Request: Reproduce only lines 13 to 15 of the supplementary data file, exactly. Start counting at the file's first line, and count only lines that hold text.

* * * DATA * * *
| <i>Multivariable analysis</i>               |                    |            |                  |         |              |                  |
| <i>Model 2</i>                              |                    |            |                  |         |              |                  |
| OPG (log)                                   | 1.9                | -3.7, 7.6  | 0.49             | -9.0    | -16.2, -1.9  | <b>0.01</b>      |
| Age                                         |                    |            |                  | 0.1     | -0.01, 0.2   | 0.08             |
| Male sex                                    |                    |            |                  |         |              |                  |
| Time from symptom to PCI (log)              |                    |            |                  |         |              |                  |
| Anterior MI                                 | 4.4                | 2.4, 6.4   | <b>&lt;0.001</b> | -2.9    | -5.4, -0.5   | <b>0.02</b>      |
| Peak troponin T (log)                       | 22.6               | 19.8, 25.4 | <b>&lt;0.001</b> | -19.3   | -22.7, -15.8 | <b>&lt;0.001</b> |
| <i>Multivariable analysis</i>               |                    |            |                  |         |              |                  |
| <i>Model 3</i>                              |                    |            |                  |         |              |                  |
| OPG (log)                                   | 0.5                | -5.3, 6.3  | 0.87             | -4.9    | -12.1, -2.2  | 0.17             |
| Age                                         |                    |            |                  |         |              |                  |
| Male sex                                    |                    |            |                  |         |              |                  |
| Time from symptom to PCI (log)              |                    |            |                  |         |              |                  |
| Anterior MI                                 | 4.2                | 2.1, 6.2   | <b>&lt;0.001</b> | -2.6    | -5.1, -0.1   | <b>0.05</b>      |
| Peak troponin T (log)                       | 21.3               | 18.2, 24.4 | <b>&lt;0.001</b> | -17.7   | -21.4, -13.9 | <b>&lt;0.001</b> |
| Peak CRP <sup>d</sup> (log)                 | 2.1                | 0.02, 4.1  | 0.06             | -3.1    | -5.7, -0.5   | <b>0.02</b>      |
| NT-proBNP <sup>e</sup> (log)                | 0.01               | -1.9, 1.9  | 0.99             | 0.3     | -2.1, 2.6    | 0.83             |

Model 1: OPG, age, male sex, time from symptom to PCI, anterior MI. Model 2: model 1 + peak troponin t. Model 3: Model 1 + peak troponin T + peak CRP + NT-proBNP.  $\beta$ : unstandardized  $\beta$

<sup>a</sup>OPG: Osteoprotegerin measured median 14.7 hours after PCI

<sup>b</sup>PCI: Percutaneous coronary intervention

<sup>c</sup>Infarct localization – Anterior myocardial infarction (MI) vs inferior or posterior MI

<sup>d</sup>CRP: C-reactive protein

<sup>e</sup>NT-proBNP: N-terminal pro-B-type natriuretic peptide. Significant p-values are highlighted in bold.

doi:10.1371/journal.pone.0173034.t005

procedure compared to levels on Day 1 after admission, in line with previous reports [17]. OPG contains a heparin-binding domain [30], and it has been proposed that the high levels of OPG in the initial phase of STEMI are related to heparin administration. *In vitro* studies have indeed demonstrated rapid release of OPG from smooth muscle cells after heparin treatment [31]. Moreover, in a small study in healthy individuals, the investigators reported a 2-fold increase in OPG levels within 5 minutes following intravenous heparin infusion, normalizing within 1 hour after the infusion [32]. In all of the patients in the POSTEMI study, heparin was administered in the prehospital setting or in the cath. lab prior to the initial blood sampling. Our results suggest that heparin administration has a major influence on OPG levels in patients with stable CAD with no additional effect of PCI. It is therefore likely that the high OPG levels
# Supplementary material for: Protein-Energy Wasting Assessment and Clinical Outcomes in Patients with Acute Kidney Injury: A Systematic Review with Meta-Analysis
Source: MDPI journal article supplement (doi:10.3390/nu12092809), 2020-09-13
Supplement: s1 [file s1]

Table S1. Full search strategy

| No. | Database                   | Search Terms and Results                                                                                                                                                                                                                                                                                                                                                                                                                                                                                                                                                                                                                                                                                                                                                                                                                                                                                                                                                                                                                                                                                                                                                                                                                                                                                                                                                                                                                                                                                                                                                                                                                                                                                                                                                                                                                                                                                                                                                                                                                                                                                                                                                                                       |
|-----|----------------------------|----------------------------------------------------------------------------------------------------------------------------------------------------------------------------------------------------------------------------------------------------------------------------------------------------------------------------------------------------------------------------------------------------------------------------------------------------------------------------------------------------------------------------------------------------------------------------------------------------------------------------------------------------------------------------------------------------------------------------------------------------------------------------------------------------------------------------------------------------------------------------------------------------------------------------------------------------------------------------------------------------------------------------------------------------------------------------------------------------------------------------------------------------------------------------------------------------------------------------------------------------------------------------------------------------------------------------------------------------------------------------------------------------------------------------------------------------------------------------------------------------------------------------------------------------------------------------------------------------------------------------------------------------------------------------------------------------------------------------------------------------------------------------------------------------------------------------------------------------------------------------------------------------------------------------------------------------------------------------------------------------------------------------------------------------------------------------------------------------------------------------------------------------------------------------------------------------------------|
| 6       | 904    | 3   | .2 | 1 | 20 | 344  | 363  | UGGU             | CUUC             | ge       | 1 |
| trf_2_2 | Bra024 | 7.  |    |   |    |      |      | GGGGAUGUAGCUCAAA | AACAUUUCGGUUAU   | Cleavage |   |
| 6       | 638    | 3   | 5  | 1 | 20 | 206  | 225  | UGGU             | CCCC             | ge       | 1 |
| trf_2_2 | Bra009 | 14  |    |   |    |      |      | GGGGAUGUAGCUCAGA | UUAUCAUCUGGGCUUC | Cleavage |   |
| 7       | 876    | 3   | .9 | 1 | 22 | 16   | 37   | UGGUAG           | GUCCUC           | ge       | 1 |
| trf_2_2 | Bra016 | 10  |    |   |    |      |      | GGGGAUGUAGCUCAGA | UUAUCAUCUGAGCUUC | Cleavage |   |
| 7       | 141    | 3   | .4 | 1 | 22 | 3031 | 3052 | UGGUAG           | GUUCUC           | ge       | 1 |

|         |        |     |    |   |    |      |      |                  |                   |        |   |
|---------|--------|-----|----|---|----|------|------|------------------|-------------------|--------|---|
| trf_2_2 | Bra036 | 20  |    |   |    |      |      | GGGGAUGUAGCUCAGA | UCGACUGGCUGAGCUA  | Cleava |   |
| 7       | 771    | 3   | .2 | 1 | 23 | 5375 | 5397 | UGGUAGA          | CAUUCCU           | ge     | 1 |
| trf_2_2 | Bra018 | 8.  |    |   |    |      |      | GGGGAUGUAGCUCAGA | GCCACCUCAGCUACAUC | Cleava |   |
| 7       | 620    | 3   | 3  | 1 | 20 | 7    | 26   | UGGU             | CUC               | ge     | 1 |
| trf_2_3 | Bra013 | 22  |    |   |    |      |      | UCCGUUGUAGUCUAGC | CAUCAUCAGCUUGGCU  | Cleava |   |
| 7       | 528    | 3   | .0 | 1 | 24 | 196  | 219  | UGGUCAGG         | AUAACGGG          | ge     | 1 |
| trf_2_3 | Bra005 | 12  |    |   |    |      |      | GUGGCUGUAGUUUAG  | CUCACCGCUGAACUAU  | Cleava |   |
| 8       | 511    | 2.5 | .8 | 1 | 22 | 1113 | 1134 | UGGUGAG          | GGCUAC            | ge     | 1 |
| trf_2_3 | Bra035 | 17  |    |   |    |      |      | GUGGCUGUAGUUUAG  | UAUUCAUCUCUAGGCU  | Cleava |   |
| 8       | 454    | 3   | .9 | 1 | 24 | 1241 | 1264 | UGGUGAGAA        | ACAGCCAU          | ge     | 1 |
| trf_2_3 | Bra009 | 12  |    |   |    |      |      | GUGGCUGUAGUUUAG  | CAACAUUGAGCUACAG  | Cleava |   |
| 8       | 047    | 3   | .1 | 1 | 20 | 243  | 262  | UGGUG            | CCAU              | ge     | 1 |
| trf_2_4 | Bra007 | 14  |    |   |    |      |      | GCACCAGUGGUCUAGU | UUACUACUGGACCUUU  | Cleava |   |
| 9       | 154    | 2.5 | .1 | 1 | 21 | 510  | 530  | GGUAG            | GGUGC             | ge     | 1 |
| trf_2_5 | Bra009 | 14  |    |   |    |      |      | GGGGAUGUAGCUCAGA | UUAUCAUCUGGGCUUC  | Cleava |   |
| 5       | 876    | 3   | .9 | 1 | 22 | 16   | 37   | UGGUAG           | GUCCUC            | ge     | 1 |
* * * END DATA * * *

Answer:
| Male sex                                    |                    |            |                  |         |              |                  |
| Time from symptom to PCI (log)              |                    |            |                  |         |              |                  |
| Anterior MI                                 | 4.2                | 2.1, 6.2   | <b>&lt;0.001</b> | -2.6    | -5.1, -0.1   | <b>0.05</b>      |